Guest Blogger Sharon Knight

The 3 categories of plant pathogens we are going to discuss are fungal, bacterial and viral.

I want to start by saying that there is a certain mindset when it comes to disease control that people need to change.  Currently people look at their plant, see that it doesn’t look healthy, then bring in a sample and ask: “what’s wrong with my plant, and what do I spray to correct it?”  What people should be asking is: “what are my plant’s cultural requirements, and how do I best meet them to keep my plant healthy?”

What makes a plant susceptible to pathogens?

-The wrong location. (sun loving plants in the shade, shade lovers in too much sun)

-The wrong soil type. (drainage issues, pH imbalances)

-Watering issues. (too much, too little)

-Wrong climate. (non-hardy plants out in the cold)

-Wrong fertilizer. (not enough, too much, wrong time)

-Injury from improper planting, pruning, severe weather, animals, mowers and weed whackers.


Three things need to be present for plant diseases to occur.  The host plant, the pathogen, and the correct environmental conditions.  Think of it as a triangle.  The pathogens are always there, so the only thing you can really control is the host plant and to some extent, the conditions.  If you start with a healthy plant, and give it the exact environment it needs you can go a long way to preventing diseases.  Remember the old saying; “an ounce of prevention is worth a pound of cure”? It is still true today.

In addition to knowing what the plant’s ideal environment is and trying to come as close as possible to matching it, it is important to know what diseases that particular plant is susceptible to.  It may be surprising to realize that most plants are immune to most diseases.  By that I mean, tomatoes don’t get black spot from roses, apples don’t get peach leaf curl, artichokes don’t get shot-hole, and raspberries don’t get black spot.  That being said, there are a number of diseases that seem to infect everything, like powdery mildew, rust and botrytis.  We’re going to discuss some of the more common diseases, what conditions favor them, and what can be done to prevent or discourage them.

First, realize that not every plant will work in every environment.  While most of us can’t match all of the ideal conditions for every plant we want, we should try to get as close as possible.  If you have a shady yard, stick to shade loving plants, if your yard is sunny, stick with sun lovers.  If your soil is heavy clay and you want plants that require better drainage, amend the soil with compost or soil conditioner to improve it.  If the area stays too wet in the winter, you might have to consider putting in some kind of drain system or plan to berm up your soil to raise the root zone out of the water. And while we’re on the topic of soils, most plants have a preferred pH level.  It’s good to know what that is and if your soil is in the correct zone.  If not, you may have to add something like lime to correct it.  The actual planting of the plant is important too.  Make sure the hole is the proper depth and width, the soil is amended if necessary, the roots should be loosened so they can spread out properly, and if the plant is tall or wind may be a problem, it should be staked.  Also the use of root stimulator and starter fertilizers to get your plants off to a good start will be a big help.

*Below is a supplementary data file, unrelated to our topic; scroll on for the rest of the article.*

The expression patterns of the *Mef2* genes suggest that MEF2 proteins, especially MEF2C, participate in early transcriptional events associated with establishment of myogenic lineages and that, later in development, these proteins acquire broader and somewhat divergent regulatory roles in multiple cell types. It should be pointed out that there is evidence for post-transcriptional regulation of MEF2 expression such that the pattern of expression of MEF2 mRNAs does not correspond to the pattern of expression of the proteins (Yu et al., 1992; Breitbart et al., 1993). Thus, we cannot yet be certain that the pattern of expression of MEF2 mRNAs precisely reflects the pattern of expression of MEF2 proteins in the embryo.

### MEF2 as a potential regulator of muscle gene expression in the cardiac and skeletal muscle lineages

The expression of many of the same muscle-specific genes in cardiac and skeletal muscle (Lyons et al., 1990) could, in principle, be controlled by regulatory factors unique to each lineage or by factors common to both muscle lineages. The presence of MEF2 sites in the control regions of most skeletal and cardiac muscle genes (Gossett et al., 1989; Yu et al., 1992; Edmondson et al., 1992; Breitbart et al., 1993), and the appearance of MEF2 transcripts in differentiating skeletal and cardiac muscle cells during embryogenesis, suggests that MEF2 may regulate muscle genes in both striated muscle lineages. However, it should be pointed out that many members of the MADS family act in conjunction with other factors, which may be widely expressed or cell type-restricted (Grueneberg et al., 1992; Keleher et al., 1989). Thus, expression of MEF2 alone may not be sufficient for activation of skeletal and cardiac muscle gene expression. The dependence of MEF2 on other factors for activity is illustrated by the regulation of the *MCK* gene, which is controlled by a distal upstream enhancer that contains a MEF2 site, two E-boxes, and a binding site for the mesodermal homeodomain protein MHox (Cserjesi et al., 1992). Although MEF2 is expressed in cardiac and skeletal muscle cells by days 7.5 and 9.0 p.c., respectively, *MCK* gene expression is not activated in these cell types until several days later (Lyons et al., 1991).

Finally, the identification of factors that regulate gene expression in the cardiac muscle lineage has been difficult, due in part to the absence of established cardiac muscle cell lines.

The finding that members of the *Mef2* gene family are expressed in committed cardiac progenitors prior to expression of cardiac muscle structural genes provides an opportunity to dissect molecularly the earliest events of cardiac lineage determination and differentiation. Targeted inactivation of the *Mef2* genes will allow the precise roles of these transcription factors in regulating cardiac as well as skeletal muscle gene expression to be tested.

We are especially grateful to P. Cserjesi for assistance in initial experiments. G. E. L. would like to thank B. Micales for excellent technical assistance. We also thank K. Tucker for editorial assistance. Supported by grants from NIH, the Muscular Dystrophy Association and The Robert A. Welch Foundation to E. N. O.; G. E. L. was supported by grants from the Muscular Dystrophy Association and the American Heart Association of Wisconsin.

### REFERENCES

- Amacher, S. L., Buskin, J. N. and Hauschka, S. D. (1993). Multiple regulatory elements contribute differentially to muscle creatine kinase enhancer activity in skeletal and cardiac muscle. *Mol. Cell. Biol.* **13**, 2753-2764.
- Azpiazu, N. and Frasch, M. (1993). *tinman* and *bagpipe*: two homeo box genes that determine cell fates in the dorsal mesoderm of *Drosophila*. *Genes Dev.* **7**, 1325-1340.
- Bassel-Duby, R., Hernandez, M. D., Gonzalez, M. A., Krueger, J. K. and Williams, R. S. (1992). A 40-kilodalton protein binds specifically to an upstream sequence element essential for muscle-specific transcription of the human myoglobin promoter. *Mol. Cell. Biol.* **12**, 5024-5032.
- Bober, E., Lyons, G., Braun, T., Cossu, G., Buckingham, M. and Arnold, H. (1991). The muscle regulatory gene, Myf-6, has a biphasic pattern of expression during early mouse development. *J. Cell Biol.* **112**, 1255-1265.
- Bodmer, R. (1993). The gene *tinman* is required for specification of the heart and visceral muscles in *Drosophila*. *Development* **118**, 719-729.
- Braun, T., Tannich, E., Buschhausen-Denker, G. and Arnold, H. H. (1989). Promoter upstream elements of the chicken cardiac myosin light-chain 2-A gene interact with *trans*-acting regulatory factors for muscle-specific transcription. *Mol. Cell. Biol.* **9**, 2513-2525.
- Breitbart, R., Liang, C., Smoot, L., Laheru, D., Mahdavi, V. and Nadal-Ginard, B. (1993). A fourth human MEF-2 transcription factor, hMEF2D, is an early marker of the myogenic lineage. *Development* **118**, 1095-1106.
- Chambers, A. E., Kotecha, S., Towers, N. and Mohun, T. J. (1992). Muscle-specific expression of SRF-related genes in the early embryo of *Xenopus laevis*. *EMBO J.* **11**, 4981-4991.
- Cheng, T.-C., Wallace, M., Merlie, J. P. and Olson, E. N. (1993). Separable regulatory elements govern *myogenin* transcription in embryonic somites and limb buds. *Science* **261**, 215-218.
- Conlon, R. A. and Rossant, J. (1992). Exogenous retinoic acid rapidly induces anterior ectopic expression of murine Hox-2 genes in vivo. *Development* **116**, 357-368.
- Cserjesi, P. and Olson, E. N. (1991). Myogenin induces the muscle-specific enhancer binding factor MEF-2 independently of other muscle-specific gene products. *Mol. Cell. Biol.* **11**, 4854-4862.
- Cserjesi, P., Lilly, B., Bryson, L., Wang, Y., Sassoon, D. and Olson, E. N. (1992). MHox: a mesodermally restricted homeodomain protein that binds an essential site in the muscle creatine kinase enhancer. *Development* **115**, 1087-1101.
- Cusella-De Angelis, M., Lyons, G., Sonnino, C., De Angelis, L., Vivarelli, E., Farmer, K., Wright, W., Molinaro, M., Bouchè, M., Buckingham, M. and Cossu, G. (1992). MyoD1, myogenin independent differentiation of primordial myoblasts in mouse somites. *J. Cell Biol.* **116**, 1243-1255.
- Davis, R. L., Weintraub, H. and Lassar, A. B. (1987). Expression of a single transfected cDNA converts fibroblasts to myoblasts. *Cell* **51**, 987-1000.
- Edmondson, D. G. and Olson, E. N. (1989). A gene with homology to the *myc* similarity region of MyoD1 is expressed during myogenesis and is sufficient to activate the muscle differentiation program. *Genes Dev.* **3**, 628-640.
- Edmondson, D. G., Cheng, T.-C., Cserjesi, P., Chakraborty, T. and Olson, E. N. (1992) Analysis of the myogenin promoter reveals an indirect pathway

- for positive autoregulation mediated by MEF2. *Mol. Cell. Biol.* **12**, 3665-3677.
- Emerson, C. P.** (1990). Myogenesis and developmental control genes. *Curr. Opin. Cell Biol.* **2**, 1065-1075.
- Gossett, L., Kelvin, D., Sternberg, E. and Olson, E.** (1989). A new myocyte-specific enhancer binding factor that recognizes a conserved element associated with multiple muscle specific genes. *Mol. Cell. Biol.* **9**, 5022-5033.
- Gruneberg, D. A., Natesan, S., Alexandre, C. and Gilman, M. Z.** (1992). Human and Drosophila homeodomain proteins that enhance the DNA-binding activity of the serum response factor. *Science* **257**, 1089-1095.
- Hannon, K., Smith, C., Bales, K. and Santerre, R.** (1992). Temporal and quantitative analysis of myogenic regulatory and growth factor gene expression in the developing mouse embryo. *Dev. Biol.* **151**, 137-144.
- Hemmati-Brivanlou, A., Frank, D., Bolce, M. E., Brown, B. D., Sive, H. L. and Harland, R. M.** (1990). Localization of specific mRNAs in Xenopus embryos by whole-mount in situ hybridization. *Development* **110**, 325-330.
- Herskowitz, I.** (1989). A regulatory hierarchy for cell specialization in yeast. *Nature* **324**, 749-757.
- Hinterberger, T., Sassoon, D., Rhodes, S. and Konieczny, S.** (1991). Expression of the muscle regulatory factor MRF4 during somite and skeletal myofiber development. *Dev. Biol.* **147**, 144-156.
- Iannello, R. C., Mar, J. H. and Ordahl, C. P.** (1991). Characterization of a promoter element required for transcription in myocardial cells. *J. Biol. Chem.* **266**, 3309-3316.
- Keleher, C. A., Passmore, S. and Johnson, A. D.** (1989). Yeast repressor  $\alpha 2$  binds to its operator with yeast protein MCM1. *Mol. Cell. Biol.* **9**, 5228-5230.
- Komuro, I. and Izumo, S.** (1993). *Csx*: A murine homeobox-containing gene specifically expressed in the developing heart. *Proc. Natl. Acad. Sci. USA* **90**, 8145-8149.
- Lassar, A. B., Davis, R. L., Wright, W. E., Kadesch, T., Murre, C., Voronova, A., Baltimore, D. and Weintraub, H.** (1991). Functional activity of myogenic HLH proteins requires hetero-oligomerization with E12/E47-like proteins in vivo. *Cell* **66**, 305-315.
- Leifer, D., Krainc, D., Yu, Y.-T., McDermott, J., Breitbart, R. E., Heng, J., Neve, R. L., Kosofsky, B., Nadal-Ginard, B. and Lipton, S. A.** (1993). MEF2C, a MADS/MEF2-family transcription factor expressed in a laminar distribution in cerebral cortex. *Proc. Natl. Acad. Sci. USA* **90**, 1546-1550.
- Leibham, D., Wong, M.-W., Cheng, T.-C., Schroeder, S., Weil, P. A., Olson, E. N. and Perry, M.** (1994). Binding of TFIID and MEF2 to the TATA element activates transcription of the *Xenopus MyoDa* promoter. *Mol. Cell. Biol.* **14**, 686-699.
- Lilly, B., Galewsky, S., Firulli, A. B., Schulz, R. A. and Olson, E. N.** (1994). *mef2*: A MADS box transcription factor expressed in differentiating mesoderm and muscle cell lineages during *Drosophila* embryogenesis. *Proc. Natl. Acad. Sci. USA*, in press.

Knowing what fertilizer to use and when to use it and how much to use is important, as is proper pruning techniques and timing of pruning.  Plants that don’t get proper nutrients are more susceptible to diseases just like people are more susceptible to diseases when they aren’t eating right.  Pruning or mechanical injuries like those caused by weed whackers and animals can allow pathogens to enter the bark of a plant and cause disease.

Clean up is one of the most important things you can do to keep your plants disease free.  Keeping the area around the plant free of weeds and decaying plant tissue (like last fall’s leaves) will keep down the concentration of disease pathogens in the area, and may eliminate some alternate hosts for some diseases. Pruning out dead wood or any twigs or branches that have cankers is important.  Be sure to sterilize your pruning tools between cuts to prevent further spread of disease. A 10 percent bleach solution or use of isopropyl alcohol will clean your pruners, just remember to oil them when you are finished. Crop rotation can also be a useful tool to cut down on disease in a vegetable or annual flower garden. Also application of lime to the soil around your plants can sometimes kill the overwintering stages of fungi in the soil and reduce the amount of spores available in the spring,